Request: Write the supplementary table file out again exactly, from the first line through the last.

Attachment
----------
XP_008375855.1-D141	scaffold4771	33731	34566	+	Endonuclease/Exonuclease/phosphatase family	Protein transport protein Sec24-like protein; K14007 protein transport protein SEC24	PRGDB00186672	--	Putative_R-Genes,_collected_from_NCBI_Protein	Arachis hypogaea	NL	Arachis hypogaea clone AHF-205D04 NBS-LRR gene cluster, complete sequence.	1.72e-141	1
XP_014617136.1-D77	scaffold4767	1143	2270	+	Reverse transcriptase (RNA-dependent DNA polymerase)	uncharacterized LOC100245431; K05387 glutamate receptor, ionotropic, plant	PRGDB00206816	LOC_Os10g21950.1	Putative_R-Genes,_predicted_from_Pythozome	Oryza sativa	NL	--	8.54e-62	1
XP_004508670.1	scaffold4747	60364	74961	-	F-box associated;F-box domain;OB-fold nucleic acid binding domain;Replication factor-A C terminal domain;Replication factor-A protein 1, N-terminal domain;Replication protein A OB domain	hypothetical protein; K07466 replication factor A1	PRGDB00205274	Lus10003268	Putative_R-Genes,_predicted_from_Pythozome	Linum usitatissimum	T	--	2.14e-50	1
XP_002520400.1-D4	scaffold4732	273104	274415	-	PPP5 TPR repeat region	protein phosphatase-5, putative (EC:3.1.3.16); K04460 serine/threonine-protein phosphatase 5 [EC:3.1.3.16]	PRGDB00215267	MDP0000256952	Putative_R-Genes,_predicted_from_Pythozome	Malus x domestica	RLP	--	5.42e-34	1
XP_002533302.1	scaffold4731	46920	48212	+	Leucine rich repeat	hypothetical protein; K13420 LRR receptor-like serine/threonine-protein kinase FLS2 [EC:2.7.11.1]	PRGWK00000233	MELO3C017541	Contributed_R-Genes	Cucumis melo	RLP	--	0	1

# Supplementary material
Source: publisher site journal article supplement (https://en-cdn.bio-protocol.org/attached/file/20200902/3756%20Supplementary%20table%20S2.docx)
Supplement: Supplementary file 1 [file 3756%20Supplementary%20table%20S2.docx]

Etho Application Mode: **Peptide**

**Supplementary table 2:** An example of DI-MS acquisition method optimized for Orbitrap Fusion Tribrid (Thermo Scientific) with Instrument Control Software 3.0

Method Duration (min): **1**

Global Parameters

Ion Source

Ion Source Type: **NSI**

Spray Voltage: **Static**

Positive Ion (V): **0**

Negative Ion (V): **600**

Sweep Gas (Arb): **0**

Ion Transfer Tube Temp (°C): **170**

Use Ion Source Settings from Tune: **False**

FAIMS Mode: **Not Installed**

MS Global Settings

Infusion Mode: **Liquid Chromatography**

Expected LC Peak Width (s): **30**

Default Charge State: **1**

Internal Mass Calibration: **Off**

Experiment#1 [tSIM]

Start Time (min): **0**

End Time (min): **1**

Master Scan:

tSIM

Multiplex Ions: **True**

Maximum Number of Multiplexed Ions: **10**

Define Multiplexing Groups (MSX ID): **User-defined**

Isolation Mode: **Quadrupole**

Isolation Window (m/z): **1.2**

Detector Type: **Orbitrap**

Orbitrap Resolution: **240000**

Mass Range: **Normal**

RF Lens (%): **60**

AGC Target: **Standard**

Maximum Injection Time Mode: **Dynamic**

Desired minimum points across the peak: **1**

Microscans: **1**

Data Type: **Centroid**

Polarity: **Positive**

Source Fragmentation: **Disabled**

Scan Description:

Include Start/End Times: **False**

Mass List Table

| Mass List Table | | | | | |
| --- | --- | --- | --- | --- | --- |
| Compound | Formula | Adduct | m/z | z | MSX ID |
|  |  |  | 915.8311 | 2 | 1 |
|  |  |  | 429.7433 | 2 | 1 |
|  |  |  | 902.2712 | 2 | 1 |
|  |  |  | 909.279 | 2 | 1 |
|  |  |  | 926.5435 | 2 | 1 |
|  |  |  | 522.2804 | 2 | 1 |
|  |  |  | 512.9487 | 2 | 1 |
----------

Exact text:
XP_008375855.1-D141	scaffold4771	33731	34566	+	Endonuclease/Exonuclease/phosphatase family	Protein transport protein Sec24-like protein; K14007 protein transport protein SEC24	PRGDB00186672	--	Putative_R-Genes,_collected_from_NCBI_Protein	Arachis hypogaea	NL	Arachis hypogaea clone AHF-205D04 NBS-LRR gene cluster, complete sequence.	1.72e-141	1
XP_014617136.1-D77	scaffold4767	1143	2270	+	Reverse transcriptase (RNA-dependent DNA polymerase)	uncharacterized LOC100245431; K05387 glutamate receptor, ionotropic, plant	PRGDB00206816	LOC_Os10g21950.1	Putative_R-Genes,_predicted_from_Pythozome	Oryza sativa	NL	--	8.54e-62	1
XP_004508670.1	scaffold4747	60364	74961	-	F-box associated;F-box domain;OB-fold nucleic acid binding domain;Replication factor-A C terminal domain;Replication factor-A protein 1, N-terminal domain;Replication protein A OB domain	hypothetical protein; K07466 replication factor A1	PRGDB00205274	Lus10003268	Putative_R-Genes,_predicted_from_Pythozome	Linum usitatissimum	T	--	2.14e-50	1
XP_002520400.1-D4	scaffold4732	273104	274415	-	PPP5 TPR repeat region	protein phosphatase-5, putative (EC:3.1.3.16); K04460 serine/threonine-protein phosphatase 5 [EC:3.1.3.16]	PRGDB00215267	MDP0000256952	Putative_R-Genes,_predicted_from_Pythozome	Malus x domestica	RLP	--	5.42e-34	1
XP_002533302.1	scaffold4731	46920	48212	+	Leucine rich repeat	hypothetical protein; K13420 LRR receptor-like serine/threonine-protein kinase FLS2 [EC:2.7.11.1]	PRGWK00000233	MELO3C017541	Contributed_R-Genes	Cucumis melo	RLP	--	0	1

# Supplementary material
Source: publisher site journal article supplement (https://en-cdn.bio-protocol.org/attached/file/20200902/3756%20Supplementary%20table%20S2.docx)
Supplement: Supplementary file 1 [file 3756%20Supplementary%20table%20S2.docx]

Etho Application Mode: **Peptide**

**Supplementary table 2:** An example of DI-MS acquisition method optimized for Orbitrap Fusion Tribrid (Thermo Scientific) with Instrument Control Software 3.0

Method Duration (min): **1**

Global Parameters

Ion Source

Ion Source Type: **NSI**

Spray Voltage: **Static**

Positive Ion (V): **0**

Negative Ion (V): **600**

Sweep Gas (Arb): **0**

Ion Transfer Tube Temp (°C): **170**

Use Ion Source Settings from Tune: **False**

FAIMS Mode: **Not Installed**

MS Global Settings

Infusion Mode: **Liquid Chromatography**

Expected LC Peak Width (s): **30**

Default Charge State: **1**

Internal Mass Calibration: **Off**

Experiment#1 [tSIM]

Start Time (min): **0**

End Time (min): **1**

Master Scan:

tSIM

Multiplex Ions: **True**

Maximum Number of Multiplexed Ions: **10**

Define Multiplexing Groups (MSX ID): **User-defined**

Isolation Mode: **Quadrupole**

Isolation Window (m/z): **1.2**

Detector Type: **Orbitrap**

Orbitrap Resolution: **240000**

Mass Range: **Normal**

RF Lens (%): **60**

AGC Target: **Standard**

Maximum Injection Time Mode: **Dynamic**

Desired minimum points across the peak: **1**

Microscans: **1**

Data Type: **Centroid**

Polarity: **Positive**

Source Fragmentation: **Disabled**

Scan Description:

Include Start/End Times: **False**

Mass List Table

| Mass List Table | | | | | |
| --- | --- | --- | --- | --- | --- |
| Compound | Formula | Adduct | m/z | z | MSX ID |
|  |  |  | 915.8311 | 2 | 1 |
|  |  |  | 429.7433 | 2 | 1 |
|  |  |  | 902.2712 | 2 | 1 |
|  |  |  | 909.279 | 2 | 1 |
|  |  |  | 926.5435 | 2 | 1 |
|  |  |  | 522.2804 | 2 | 1 |
|  |  |  | 512.9487 | 2 | 1 |